Former French President Jacques Chirac has remained curiously, if politely, tight-lipped on his successor Nicolas Sarkozy for four years -- until now.
But as the Guardian is reporting, Chirac minces few words on his fellow Frenchman in a new memoir, describing Sarkozy as "nervous," "bubbling over with ambition," "antagonistic," and even "too American."
The 624-page book, titled The Presidential Time, charts the now 78-year-old Chirac's 12 years in power from 1995 and 2007. As the Telegraph reports, much of the new book, which is due for release next week, is devoted to foreign policy, and comes less than three months before Chirac's trial on charges of illegal party funding while mayor of Paris begins.
But it is Chirac's frank and often damning commentary on Sarkozy, once deemed the elder stateman's protege, that is generating controversy in the days leading up to the book's debut. Though he initially praises his successor as "one of the most gifted politicians of his generation" in excerpts published by French media, Chirac goes on to write, "[Sarkozy and I] do not share the same vision of France, we do not agree on the basics." Later, he accuses Sarkozy of "stigmatizing, exacerbating antagonizations and setting one category [of people] against another," most likely referring to comments Sarkozy made about Arab immigrants rioting the in Paris suburbs, according to the International Business Times.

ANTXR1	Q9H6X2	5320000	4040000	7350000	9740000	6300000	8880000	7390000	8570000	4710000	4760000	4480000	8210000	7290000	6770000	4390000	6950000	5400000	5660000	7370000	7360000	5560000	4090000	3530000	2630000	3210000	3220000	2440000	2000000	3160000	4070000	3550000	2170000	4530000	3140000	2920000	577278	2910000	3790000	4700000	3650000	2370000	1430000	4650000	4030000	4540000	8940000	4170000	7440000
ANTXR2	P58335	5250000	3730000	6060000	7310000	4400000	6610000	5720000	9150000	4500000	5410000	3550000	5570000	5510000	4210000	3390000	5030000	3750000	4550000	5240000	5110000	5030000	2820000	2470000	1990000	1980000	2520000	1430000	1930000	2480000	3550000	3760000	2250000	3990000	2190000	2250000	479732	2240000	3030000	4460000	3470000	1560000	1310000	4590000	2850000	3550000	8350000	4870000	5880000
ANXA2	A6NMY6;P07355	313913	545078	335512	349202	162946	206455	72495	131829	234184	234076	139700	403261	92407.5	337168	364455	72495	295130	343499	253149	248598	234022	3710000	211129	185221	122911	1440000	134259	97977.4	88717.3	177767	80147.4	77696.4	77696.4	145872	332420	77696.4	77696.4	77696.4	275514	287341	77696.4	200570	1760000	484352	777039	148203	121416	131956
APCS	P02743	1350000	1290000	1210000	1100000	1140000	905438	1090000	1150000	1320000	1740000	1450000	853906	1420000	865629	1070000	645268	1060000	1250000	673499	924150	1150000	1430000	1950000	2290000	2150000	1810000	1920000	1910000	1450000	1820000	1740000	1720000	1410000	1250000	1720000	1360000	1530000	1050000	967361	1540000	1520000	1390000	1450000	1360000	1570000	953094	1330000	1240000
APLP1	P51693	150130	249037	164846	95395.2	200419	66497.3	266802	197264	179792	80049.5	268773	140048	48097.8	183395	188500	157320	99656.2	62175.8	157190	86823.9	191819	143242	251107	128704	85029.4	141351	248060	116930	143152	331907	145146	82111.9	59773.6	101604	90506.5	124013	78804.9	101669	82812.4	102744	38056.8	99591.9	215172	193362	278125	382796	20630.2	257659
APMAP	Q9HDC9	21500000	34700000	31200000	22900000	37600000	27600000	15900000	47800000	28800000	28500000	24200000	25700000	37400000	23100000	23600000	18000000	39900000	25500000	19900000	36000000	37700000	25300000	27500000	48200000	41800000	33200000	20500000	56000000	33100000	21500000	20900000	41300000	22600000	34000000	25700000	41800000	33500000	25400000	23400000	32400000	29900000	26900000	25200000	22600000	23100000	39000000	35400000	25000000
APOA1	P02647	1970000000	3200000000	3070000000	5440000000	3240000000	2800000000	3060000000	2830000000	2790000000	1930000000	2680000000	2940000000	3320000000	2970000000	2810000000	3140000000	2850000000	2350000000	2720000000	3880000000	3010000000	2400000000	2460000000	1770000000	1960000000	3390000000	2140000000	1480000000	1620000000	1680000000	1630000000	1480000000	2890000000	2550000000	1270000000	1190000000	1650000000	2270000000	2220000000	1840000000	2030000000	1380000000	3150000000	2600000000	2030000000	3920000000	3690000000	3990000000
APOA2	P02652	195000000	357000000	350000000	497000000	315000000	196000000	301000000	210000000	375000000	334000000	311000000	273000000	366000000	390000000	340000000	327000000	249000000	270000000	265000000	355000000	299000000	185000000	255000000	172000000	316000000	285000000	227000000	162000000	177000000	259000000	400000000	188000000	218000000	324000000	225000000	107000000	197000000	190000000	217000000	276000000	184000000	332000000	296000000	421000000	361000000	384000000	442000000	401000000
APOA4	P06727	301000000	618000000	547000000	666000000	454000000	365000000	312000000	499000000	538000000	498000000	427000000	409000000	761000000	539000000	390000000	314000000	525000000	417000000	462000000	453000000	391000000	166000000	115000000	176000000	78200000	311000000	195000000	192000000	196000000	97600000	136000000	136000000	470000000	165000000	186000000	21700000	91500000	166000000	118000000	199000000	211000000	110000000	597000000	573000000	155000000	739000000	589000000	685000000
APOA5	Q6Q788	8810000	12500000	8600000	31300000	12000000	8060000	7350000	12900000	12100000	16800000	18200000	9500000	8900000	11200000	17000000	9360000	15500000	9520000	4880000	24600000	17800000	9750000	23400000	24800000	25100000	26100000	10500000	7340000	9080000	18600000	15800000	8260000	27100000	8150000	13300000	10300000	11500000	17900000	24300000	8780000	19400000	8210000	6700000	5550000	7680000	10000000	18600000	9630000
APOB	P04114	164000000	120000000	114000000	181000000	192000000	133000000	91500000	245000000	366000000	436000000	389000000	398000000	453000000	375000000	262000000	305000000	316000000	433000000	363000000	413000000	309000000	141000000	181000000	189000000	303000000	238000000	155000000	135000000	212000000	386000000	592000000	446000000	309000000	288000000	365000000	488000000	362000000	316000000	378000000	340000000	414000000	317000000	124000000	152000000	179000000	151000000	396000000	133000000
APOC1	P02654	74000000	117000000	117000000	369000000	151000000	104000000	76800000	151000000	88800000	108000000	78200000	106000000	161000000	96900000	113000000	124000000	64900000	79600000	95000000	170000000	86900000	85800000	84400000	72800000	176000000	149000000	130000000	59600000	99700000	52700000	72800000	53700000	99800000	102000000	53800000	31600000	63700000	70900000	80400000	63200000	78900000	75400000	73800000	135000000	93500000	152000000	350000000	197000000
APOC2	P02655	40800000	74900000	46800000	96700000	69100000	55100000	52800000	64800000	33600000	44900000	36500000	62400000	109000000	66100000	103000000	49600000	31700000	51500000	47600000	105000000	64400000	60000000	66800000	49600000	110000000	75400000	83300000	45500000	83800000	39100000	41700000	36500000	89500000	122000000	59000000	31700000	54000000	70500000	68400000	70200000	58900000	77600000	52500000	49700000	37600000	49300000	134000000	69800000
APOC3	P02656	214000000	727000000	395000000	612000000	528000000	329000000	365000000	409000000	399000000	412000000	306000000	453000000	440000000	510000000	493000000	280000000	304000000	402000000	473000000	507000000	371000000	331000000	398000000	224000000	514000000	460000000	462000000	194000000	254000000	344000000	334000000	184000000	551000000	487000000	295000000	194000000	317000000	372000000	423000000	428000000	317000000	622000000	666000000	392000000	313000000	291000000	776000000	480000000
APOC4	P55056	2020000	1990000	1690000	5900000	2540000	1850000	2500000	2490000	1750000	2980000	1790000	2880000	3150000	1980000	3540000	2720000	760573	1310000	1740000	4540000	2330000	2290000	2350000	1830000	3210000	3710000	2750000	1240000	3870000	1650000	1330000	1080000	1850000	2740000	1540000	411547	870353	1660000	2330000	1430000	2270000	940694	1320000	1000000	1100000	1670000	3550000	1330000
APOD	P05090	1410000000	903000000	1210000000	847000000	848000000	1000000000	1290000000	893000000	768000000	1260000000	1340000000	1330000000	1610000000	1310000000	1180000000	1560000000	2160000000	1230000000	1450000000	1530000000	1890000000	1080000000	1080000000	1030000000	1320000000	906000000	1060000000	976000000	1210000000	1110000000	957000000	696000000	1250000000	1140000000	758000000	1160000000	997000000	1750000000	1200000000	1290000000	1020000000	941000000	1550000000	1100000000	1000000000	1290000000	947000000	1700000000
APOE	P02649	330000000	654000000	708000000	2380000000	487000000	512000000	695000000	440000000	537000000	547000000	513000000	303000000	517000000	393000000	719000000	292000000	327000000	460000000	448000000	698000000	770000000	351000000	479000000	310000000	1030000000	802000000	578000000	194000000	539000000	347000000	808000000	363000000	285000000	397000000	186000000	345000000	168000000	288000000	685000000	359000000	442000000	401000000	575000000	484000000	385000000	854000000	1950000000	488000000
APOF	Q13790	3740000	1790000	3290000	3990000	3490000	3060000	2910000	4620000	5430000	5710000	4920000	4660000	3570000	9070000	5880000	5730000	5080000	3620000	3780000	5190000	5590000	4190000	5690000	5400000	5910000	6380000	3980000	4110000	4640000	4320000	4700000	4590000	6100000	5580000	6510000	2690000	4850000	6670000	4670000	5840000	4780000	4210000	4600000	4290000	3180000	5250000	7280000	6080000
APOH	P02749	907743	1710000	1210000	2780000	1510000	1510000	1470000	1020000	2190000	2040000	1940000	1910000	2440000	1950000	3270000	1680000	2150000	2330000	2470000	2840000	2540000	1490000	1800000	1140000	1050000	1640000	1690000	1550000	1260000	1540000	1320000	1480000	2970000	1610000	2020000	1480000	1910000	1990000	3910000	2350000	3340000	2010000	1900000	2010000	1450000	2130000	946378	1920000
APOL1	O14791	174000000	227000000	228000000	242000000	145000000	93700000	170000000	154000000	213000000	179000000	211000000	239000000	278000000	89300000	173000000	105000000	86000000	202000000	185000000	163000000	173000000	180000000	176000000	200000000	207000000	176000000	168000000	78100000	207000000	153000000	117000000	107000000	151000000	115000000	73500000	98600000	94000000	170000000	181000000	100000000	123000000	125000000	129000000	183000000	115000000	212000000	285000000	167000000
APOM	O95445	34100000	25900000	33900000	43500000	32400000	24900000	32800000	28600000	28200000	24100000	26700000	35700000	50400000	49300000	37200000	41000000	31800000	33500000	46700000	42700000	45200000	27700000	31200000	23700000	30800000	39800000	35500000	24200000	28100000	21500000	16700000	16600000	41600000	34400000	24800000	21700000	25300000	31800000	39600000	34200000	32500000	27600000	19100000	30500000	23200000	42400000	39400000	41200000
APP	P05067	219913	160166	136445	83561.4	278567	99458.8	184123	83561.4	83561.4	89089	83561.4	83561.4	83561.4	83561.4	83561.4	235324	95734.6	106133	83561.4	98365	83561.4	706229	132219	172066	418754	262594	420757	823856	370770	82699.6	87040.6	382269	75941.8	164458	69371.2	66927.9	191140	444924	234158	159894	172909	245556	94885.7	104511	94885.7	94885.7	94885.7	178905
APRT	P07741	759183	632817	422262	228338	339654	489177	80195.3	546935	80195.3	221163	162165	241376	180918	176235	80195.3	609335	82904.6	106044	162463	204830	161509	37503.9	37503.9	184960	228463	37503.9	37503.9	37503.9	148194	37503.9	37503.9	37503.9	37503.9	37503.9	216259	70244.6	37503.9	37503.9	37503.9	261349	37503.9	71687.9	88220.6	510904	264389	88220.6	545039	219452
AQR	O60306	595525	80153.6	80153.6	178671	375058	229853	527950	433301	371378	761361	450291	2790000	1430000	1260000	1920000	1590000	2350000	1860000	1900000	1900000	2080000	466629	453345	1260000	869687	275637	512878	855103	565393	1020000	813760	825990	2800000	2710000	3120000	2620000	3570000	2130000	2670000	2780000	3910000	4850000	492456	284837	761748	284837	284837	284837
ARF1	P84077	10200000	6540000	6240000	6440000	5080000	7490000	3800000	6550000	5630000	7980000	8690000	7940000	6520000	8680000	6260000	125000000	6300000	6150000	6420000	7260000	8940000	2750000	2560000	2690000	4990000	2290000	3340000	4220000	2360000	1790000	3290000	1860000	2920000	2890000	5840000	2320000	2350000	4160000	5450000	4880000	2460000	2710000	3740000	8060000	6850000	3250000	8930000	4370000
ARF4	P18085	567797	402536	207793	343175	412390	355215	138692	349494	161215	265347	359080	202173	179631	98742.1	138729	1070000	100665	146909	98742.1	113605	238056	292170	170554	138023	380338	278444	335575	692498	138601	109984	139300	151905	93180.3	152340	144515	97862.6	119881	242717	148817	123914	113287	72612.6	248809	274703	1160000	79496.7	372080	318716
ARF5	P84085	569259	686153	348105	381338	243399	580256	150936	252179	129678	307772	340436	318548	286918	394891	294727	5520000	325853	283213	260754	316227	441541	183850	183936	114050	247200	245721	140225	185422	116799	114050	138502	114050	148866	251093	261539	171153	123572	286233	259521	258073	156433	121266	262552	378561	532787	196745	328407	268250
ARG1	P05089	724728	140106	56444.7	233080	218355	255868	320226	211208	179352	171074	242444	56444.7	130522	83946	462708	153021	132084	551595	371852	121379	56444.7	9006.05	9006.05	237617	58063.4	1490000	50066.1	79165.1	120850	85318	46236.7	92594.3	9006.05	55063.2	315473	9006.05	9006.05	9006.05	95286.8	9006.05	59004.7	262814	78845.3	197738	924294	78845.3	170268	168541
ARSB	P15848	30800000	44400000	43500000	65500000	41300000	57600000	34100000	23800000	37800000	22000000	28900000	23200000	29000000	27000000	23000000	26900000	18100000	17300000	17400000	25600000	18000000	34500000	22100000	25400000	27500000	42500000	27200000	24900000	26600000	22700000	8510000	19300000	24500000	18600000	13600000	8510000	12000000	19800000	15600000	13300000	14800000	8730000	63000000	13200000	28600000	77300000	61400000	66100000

"Trust cannot be decreed but it is an absolute necessity," he is also quoted by Reuters as saying in the memoirs. "There were too many grey areas and misunderstandings between Nicolas Sarkozy and me to fully meet that prerequisite."
In what is perhaps the most stinging retaliation to a series of alleged Sarkozy's betrayals, Chirac heaps praise on the former Socialist party leader, François Hollande, the man many on the French left believe is best placed to challenge Sarkozy in next year's presidential election following the recent arrest of Dominique Strauss-Kahn. As the BBC reports, Chirac describes Hollande as a "true statesman" who is capable of crossing party lines.
Meanwhile, Chirac's detractors say the book glosses over the former president's own weaknesses. With regard to the charges he faces later this month that he embezzled money and creating fictitious jobs to fund his campaign while mayor of Paris in the 1990s, he only states the claims were “founded on rumor, more or less orchestrated press campaigns," the Telegraph notes.